Trending: The Identity Crisis in Street Photography

By David Schonauer   Thursday August 6, 2015

What is street photography?

On the one hand, the answer seems obvious: All you need to do is think of the work of Robert Frank, Joel Meyerowitz, Bruce Gilden, Elliott Erwitt and Vivian Maier. Those photographers combined hard work, finely-tuned observation skills and exquisite visual senses to record real life unfolding in the world around them.

Today, street photography — or the idea of it, at least — has never been more popular, thanks to digital cameras, smartphones and online sharing. Writing in May at the Online Photographer, Gordon Lewis, author of the book Street Photography: The Art of Capturing the Candid Moment,  noted that it may in fact be the most popular genre of photography now.

“Do a Google search on the phrase ‘street photography’ and you'll get over 9.9 million hits — slightly more than travel photography, which gets 9.4 million,” he wrote. “Landscape photography gets only 6.1 million. You’ll get similar results on Flickr: almost 3.3 million hits for street photography versus 1.8 million for travel and 1.3 million for landscape.”

But even with its new popularity — or perhaps because of it — street photography seems to be having an identity crisis.

Lewis noted that street photography has been criticized recently by some as being no more than hit-and-run work by poachers with cameras. “Many photographers believe it’s rude, unethical, and unsavory to photograph people without their permission,” he wrote.

Moreover, he added, “there’s the common criticism that ‘It all looks the same—just random pictures of random people walking or standing around.”

Others have made the same comment. Last December, Pop Photo’s Mason Resnick observed that now "anyone with a camera can head out and shoot whatever he or she thinks is street photography, then beam it to the world with a click. So a lot of good—and bad—street imagery is proliferating in cyberspace.”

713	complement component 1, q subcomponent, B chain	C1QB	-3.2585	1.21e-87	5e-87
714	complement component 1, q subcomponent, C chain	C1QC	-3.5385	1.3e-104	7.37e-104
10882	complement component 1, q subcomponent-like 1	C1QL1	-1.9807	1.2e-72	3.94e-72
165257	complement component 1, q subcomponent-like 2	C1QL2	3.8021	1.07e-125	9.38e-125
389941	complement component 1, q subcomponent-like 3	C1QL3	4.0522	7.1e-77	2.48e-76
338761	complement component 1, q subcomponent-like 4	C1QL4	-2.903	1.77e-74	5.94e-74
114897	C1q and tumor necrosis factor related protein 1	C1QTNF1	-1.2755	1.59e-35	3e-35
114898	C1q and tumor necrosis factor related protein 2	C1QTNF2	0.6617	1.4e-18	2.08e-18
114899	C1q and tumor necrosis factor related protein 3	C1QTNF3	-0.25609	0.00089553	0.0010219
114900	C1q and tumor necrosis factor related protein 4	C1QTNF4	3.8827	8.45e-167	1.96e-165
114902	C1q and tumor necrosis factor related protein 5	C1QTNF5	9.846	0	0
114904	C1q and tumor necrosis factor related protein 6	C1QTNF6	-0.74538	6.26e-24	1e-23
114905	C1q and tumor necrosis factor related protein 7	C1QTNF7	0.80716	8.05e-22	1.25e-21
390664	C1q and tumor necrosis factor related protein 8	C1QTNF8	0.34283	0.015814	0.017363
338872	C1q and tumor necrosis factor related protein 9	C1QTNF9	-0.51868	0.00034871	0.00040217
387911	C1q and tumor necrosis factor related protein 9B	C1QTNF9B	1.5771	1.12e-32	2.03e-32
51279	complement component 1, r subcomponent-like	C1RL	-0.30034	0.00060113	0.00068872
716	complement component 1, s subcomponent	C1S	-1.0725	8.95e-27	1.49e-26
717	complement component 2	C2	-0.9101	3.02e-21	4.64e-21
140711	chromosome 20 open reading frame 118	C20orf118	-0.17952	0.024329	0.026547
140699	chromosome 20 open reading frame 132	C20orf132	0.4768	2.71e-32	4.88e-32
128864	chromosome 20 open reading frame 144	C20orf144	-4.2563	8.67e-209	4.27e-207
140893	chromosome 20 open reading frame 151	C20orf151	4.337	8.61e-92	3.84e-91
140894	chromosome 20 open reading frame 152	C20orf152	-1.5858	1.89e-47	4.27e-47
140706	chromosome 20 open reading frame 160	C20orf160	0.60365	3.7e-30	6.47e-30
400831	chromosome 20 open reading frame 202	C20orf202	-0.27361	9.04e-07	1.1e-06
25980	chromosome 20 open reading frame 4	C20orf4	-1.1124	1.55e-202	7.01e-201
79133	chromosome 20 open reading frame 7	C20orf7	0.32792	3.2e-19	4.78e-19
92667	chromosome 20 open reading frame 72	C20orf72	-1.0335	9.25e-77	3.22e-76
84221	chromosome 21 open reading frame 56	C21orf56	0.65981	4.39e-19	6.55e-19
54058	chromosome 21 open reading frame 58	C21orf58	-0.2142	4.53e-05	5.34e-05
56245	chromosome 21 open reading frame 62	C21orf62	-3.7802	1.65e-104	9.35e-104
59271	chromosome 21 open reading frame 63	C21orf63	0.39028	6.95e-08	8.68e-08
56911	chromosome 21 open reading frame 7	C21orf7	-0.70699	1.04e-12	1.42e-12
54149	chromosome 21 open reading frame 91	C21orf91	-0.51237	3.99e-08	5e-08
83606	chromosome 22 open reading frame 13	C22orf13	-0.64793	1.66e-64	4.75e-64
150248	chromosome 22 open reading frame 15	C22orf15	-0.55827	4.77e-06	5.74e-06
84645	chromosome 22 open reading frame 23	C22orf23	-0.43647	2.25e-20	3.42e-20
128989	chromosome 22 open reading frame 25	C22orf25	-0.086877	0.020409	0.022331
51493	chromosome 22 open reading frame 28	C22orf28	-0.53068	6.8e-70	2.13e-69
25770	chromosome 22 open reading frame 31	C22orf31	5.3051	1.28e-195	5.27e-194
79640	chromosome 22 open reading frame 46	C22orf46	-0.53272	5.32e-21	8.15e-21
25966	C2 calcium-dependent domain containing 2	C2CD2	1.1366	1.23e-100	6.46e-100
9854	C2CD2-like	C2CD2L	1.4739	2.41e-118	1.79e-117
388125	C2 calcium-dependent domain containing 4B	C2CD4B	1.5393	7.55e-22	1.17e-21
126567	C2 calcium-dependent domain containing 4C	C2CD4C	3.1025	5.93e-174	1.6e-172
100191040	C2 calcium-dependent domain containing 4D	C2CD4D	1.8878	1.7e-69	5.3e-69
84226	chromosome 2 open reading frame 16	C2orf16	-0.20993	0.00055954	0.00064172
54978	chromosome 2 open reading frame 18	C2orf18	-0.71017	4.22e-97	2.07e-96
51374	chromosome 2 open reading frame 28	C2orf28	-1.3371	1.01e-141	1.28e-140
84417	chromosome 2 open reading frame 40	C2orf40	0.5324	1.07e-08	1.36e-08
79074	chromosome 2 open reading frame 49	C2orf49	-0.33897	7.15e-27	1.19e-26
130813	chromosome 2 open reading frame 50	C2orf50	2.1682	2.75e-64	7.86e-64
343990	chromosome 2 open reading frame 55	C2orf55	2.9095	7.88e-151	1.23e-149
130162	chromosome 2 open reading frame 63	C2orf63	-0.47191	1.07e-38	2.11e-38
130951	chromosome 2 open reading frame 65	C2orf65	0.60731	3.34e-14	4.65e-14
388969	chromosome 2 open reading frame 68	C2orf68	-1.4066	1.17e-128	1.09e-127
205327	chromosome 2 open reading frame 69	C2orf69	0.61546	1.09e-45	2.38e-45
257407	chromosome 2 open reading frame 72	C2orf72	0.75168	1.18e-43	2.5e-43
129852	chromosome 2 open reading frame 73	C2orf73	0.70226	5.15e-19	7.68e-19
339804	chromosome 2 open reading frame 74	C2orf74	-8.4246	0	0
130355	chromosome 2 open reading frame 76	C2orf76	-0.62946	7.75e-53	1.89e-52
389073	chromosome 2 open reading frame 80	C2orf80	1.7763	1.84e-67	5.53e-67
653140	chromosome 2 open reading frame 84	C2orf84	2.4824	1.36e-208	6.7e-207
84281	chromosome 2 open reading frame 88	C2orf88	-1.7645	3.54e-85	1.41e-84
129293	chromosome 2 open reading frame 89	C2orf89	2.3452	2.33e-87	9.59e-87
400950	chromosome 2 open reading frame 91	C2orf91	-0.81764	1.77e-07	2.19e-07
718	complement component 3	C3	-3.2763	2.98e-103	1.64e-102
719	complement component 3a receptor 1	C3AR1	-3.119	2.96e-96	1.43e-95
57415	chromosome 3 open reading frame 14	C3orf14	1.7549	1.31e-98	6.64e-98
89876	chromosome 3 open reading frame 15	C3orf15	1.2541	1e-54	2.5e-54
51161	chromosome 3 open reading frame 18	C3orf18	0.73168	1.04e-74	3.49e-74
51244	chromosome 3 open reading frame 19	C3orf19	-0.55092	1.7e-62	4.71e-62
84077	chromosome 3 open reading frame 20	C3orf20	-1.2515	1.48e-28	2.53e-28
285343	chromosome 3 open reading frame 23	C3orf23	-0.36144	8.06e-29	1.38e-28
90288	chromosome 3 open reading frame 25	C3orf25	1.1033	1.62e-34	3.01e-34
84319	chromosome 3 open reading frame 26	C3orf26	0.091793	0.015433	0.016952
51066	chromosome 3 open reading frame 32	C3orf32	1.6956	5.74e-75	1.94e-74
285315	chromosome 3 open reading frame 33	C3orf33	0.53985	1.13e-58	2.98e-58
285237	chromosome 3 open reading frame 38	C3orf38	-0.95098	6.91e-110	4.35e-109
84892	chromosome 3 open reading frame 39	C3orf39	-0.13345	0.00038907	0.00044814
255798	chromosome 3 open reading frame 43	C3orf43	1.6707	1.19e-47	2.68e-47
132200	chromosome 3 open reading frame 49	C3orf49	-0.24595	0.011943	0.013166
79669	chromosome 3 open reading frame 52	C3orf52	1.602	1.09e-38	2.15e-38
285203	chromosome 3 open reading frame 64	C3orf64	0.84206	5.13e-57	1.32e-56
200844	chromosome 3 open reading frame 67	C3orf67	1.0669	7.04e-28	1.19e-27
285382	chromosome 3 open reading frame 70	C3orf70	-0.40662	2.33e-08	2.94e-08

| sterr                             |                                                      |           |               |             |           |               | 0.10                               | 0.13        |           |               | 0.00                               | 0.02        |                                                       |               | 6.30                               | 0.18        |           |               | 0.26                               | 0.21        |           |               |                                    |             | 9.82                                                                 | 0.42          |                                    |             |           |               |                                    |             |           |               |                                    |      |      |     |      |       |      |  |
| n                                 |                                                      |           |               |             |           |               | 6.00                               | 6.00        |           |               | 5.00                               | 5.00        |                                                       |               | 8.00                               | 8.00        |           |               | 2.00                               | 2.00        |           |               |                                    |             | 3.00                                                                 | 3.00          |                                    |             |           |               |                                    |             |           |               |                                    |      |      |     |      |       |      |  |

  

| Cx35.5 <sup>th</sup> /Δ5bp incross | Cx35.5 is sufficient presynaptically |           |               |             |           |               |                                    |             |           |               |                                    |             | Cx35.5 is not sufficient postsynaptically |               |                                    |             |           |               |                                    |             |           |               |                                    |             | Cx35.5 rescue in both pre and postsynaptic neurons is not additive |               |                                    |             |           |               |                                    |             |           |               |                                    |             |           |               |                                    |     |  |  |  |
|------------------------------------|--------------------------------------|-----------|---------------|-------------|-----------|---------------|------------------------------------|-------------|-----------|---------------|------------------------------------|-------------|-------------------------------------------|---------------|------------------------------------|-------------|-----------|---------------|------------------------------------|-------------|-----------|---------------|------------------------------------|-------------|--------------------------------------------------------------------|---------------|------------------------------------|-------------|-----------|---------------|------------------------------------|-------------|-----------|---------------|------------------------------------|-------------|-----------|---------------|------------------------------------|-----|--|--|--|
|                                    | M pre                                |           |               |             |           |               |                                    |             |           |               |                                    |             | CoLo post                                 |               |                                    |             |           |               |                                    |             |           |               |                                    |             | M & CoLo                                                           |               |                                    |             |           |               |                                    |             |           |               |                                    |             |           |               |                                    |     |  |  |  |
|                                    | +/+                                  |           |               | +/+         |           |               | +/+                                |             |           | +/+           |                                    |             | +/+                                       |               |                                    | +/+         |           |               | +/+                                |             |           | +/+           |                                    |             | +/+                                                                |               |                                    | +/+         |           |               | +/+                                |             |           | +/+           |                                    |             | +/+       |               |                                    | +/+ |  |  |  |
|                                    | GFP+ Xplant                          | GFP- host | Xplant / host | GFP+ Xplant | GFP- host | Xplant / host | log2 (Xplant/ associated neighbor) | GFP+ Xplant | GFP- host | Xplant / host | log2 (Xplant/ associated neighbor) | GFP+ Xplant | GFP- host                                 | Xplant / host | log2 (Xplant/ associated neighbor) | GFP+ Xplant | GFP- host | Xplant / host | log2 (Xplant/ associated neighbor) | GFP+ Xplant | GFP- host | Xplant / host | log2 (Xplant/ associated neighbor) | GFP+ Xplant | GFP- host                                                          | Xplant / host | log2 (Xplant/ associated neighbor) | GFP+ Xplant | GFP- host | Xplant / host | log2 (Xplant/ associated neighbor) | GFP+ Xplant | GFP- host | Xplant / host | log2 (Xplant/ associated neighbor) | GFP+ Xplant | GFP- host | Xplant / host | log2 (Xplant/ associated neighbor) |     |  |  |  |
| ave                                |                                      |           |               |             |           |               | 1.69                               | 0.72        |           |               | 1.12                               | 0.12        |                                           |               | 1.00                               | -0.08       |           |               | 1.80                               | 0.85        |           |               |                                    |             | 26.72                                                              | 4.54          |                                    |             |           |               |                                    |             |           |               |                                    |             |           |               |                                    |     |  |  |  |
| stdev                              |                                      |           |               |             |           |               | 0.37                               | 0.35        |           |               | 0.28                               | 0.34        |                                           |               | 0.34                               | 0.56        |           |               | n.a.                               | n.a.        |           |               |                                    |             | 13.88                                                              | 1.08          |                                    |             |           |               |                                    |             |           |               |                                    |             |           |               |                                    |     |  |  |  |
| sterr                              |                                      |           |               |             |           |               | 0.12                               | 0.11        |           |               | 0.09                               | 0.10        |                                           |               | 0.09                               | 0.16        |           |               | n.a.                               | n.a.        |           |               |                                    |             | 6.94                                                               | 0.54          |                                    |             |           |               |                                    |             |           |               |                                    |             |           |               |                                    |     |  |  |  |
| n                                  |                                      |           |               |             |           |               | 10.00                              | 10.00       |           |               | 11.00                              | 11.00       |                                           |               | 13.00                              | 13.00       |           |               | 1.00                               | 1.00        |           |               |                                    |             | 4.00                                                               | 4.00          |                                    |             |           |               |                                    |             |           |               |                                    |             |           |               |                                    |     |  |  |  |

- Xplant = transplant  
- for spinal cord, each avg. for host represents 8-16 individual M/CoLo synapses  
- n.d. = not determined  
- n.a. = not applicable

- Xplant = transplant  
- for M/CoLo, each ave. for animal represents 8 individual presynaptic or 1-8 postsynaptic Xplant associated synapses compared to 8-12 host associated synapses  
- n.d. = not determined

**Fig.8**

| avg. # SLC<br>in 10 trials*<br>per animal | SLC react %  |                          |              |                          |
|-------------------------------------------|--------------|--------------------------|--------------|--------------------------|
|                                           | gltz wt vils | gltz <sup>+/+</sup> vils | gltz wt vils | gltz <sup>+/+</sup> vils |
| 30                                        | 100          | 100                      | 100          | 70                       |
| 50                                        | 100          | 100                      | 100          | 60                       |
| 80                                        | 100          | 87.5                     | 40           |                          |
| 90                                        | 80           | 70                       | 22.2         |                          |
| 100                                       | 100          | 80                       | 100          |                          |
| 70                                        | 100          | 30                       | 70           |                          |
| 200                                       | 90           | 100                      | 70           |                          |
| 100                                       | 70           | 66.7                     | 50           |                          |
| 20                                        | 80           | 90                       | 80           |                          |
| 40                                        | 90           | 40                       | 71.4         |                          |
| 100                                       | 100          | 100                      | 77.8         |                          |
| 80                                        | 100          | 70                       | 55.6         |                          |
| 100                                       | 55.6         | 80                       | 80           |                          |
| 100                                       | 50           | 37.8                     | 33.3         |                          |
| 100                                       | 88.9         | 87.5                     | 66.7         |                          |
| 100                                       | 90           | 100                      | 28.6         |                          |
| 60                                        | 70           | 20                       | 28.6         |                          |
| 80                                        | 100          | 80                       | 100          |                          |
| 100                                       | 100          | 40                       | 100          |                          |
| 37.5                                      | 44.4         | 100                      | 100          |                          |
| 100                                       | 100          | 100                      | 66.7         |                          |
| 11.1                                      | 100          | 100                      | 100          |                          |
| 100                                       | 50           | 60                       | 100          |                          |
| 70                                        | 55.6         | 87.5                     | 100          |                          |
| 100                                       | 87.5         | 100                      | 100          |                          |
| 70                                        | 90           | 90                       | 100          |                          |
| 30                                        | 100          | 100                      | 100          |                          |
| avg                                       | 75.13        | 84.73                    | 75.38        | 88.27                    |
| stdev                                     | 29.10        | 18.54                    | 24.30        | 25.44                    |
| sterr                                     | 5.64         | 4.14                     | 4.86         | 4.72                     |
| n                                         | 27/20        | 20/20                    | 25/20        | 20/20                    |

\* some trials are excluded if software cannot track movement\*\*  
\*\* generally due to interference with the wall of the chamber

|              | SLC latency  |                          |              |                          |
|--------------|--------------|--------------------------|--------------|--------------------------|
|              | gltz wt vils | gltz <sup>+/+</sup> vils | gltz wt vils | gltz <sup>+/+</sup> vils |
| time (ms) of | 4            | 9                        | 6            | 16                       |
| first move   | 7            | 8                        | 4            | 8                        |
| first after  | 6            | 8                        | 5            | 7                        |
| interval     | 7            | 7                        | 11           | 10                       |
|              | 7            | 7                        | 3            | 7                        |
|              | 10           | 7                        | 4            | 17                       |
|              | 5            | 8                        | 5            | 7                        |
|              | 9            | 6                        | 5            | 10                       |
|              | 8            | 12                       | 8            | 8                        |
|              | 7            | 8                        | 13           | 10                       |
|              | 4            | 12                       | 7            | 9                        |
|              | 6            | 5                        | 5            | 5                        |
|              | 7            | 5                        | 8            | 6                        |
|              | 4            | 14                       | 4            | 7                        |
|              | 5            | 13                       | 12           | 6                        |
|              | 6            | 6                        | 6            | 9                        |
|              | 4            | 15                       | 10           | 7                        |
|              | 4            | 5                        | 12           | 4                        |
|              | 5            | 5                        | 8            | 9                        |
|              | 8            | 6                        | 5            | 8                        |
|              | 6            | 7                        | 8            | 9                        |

And in a blistering recent attack at the Huffington Post, New York City-based writer and photographer Michael Ernest Sweet protested bitterly that the brilliant work of Frank, Henri Cartier-Bresson, and Mary Ellen Mark is “now lumped into this same genre that produces hundreds of thousands of dull, hackneyed candid images of random strangers by hopeless photographers every single day.”

The problem with street photography now, he declares, is the low barrier for entry. “[D]oes this problem exist in other genres of photography? Are there a bunch of inept fashion photographers trolling the streets of the information highway peddling their appalling fashion photographs? Likely so, but because of the simple ease of access to street photography (no studio, no expensive equipment, and apparently no real audience are needed) there is a deluge of street photographers in comparison to these other segments of the industry.”

Perhaps a more essential problem is the lack of a clear idea about what street photography is and what it is not. And that confusion is nothing new. One of the acknowledged masters of street photography, Garry Winogrand, disliked the term street photographer.

The Street Shootr website recently featured an excerpt from the film documentary Contemporary Photography in America, in which Winogrand objects to being called a street photographer. “I think it’s a stupid term, street photography,” Winogrand says in it. “I don’t think it tells you anything about the photographer or work. On the subject, I have a book out called the animals. Call me the same I’m a zoo photographer. I mean it all really doesn’t make any sense to me, you know?”

At Pop Photo, Resnick featured three modern street photographers — Jack Simon, Melanie Einzig and Richard Bram — who describe how the art of street photography is evolving.

“I prefer when the story is not clear and it is left up to the viewer to put his or her own interpretation on the scene,” says Simon, who is a San Francisco-based psychiatrist.

That might be a good way to tackle the subject of street photography in general.


Above: From Garry Winogrand

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